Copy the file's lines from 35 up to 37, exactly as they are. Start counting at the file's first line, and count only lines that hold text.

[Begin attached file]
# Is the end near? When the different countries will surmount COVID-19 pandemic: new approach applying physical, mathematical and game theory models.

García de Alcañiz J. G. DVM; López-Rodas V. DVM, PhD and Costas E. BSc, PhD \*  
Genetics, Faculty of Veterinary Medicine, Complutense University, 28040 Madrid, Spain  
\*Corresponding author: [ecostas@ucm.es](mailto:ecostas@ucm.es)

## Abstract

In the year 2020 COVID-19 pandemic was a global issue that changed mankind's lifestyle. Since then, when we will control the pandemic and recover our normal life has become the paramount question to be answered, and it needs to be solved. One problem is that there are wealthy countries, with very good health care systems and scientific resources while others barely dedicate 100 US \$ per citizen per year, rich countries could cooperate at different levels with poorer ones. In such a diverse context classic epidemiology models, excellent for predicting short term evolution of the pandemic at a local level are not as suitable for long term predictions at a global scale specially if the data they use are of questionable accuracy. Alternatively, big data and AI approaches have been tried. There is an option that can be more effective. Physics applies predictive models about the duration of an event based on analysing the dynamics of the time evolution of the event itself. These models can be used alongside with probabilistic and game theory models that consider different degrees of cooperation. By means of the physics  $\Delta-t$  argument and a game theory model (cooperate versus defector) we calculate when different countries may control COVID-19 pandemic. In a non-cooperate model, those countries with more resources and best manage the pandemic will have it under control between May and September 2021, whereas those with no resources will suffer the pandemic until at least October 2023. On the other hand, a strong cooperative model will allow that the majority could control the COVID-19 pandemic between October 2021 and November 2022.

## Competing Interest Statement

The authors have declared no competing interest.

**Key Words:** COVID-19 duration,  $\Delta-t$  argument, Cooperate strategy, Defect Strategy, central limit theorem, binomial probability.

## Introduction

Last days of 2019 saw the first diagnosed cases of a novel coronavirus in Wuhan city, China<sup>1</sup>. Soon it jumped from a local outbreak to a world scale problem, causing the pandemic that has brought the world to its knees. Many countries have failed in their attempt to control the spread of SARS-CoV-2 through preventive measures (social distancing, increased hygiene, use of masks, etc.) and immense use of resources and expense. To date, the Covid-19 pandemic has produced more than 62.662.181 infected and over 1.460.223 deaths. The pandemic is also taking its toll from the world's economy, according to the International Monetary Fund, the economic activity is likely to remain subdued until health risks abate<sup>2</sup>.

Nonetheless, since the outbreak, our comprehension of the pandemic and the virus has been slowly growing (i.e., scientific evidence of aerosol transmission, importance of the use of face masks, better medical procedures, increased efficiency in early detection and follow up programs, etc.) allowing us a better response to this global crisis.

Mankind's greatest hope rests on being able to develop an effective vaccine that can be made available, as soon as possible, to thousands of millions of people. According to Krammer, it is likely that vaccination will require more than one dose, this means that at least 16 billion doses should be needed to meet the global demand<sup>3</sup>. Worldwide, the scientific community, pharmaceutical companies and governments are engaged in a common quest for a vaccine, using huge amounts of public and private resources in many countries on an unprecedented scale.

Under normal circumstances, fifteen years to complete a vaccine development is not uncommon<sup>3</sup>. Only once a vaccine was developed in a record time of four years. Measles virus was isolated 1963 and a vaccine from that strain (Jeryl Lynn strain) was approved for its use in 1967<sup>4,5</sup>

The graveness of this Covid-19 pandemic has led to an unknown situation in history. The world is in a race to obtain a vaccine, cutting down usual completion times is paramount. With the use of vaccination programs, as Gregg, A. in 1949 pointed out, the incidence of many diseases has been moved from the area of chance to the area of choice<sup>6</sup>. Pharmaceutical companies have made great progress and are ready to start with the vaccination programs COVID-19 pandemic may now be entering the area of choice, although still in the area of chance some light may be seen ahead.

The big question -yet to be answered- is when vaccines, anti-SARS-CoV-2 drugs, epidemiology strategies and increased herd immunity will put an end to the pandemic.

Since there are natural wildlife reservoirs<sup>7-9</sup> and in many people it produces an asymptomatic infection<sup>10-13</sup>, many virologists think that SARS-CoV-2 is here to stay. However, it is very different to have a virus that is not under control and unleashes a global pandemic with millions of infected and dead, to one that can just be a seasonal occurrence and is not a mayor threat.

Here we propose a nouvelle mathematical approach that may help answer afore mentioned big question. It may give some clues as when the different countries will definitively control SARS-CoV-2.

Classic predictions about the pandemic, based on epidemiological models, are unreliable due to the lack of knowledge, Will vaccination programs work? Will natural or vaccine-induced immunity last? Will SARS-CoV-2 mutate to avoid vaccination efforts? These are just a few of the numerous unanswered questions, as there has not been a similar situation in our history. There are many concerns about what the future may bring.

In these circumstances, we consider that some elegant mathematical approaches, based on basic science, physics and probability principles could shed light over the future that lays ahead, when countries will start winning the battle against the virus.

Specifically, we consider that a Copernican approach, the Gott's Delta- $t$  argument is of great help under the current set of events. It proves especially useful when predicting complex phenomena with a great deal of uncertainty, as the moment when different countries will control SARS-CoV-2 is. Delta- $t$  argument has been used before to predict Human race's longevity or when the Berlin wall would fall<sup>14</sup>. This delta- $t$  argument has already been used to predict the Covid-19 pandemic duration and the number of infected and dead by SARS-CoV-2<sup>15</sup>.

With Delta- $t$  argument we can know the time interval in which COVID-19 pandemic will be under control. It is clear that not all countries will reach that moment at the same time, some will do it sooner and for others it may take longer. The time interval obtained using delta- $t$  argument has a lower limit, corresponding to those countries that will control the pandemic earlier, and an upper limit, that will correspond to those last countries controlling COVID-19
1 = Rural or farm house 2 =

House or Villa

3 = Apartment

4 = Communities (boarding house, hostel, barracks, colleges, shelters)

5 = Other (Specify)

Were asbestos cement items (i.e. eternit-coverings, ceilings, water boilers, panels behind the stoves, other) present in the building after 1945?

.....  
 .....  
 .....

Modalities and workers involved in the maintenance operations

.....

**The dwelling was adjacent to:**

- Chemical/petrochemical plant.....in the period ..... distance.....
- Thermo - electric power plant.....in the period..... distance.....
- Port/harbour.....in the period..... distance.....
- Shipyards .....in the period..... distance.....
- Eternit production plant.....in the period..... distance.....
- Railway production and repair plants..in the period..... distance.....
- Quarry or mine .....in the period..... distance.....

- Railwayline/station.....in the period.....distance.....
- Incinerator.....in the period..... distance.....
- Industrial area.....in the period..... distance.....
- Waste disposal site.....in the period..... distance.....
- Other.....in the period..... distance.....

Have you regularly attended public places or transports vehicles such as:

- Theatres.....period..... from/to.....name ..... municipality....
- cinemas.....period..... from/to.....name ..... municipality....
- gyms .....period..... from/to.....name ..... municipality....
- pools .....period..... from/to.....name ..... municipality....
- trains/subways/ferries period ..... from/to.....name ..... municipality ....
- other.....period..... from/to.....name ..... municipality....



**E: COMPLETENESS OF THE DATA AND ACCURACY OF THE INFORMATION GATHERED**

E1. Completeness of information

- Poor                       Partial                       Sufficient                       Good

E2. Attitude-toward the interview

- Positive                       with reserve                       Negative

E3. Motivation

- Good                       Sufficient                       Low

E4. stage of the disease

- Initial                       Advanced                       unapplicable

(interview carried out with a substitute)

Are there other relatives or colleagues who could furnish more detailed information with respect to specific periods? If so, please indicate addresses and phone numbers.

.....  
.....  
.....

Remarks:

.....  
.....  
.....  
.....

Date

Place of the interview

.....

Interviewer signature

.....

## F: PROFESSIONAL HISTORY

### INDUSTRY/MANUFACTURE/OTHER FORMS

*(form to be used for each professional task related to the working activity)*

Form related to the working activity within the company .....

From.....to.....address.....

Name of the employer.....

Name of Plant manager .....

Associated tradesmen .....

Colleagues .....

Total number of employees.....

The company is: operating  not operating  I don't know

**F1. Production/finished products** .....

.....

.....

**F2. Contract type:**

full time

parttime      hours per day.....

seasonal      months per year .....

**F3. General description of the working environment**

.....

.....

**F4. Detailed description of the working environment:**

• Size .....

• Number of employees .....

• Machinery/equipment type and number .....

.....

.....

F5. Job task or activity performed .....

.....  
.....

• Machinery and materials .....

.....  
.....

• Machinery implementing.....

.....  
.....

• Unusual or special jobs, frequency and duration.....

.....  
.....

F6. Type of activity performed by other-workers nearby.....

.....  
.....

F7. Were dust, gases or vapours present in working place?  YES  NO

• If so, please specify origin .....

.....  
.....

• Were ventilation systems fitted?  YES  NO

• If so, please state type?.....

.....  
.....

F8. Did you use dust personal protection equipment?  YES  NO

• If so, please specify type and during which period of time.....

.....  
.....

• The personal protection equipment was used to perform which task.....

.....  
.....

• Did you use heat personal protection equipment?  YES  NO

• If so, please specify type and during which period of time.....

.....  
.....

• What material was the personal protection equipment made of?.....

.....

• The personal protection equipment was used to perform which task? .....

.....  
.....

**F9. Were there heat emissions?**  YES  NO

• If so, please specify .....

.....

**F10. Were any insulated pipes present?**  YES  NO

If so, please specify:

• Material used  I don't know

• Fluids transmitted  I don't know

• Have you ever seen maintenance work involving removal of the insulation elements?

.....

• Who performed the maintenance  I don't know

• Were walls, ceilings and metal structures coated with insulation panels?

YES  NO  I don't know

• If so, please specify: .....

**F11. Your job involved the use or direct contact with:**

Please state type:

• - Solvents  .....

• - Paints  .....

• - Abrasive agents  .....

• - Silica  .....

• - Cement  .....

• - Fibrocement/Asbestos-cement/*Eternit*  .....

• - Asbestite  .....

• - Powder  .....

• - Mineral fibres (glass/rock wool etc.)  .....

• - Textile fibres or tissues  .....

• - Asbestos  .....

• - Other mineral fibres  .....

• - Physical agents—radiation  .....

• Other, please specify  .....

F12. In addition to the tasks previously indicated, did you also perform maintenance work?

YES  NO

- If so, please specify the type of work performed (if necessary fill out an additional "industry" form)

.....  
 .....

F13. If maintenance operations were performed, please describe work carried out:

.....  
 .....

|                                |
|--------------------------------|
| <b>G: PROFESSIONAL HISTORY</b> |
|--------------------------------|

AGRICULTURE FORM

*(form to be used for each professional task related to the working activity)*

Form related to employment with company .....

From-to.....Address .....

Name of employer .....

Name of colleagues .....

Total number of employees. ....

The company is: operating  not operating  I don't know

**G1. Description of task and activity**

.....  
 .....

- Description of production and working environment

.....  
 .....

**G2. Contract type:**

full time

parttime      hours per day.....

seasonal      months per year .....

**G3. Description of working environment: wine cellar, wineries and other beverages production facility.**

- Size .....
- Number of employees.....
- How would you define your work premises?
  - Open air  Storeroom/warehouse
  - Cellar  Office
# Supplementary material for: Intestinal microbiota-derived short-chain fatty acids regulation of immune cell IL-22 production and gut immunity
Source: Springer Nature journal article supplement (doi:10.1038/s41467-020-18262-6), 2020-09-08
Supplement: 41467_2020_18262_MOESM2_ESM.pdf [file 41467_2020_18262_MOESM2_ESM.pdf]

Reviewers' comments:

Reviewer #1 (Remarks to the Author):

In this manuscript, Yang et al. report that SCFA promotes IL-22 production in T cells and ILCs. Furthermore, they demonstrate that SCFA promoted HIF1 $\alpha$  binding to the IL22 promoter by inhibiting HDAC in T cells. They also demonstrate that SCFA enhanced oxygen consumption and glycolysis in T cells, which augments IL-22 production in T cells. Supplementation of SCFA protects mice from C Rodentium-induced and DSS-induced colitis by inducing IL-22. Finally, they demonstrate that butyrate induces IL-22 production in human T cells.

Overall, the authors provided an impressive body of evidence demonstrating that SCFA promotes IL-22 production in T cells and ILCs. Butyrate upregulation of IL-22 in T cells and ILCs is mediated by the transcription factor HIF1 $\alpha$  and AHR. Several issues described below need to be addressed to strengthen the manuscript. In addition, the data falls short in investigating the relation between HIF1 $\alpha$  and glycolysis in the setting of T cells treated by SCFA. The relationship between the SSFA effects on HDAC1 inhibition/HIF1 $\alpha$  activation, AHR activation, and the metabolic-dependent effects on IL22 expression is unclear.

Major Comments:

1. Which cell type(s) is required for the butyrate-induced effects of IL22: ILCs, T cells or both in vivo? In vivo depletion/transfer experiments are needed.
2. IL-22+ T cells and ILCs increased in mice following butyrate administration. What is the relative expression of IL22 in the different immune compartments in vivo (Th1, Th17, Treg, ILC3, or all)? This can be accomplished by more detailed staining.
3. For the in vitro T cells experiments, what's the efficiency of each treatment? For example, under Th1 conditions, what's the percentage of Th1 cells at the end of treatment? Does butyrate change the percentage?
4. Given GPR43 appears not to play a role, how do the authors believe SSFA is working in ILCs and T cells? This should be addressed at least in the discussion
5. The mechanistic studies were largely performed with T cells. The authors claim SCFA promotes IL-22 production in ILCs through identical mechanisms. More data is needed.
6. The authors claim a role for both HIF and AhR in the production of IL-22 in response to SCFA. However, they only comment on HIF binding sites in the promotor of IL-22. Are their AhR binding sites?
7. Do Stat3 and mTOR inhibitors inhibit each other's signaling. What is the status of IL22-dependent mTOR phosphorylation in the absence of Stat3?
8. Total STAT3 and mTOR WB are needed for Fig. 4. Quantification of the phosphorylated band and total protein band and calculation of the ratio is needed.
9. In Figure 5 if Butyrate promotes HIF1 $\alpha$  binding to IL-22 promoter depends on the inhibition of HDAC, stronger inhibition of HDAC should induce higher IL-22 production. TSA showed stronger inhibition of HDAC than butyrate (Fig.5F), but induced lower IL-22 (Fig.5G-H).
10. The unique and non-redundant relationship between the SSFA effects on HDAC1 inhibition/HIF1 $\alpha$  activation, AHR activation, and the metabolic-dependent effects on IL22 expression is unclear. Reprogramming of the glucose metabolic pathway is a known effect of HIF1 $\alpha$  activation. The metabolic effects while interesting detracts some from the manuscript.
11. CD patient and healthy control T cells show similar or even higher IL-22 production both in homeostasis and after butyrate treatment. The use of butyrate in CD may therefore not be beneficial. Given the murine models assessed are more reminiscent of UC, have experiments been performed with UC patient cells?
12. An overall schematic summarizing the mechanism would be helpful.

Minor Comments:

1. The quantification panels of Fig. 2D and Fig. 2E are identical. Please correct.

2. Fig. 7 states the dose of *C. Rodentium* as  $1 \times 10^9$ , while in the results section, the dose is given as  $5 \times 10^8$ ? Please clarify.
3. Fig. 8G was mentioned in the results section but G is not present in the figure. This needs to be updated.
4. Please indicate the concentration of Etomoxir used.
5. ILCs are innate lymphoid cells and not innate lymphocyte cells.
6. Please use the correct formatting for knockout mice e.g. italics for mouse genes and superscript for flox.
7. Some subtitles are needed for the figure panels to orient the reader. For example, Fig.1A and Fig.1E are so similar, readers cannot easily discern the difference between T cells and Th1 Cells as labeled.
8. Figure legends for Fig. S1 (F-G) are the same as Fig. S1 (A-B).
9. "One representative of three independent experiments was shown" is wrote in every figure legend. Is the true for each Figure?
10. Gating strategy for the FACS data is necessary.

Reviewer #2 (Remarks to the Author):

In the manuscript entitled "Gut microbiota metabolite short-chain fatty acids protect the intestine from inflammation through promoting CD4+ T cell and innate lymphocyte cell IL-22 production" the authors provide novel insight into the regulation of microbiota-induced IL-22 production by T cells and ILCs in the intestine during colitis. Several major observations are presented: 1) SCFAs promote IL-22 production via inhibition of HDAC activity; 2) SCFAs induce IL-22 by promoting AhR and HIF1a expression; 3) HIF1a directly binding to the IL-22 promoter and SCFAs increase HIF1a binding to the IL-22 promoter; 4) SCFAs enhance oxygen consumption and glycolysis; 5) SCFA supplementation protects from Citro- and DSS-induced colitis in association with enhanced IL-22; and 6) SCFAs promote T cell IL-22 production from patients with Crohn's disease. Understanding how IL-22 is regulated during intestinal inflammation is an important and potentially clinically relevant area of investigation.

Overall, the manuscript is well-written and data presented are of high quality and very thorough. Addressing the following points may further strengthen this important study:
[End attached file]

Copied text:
- Chemical/petrochemical plant.....in the period ..... distance.....
- Thermo - electric power plant.....in the period..... distance.....
- Port/harbour.....in the period..... distance.....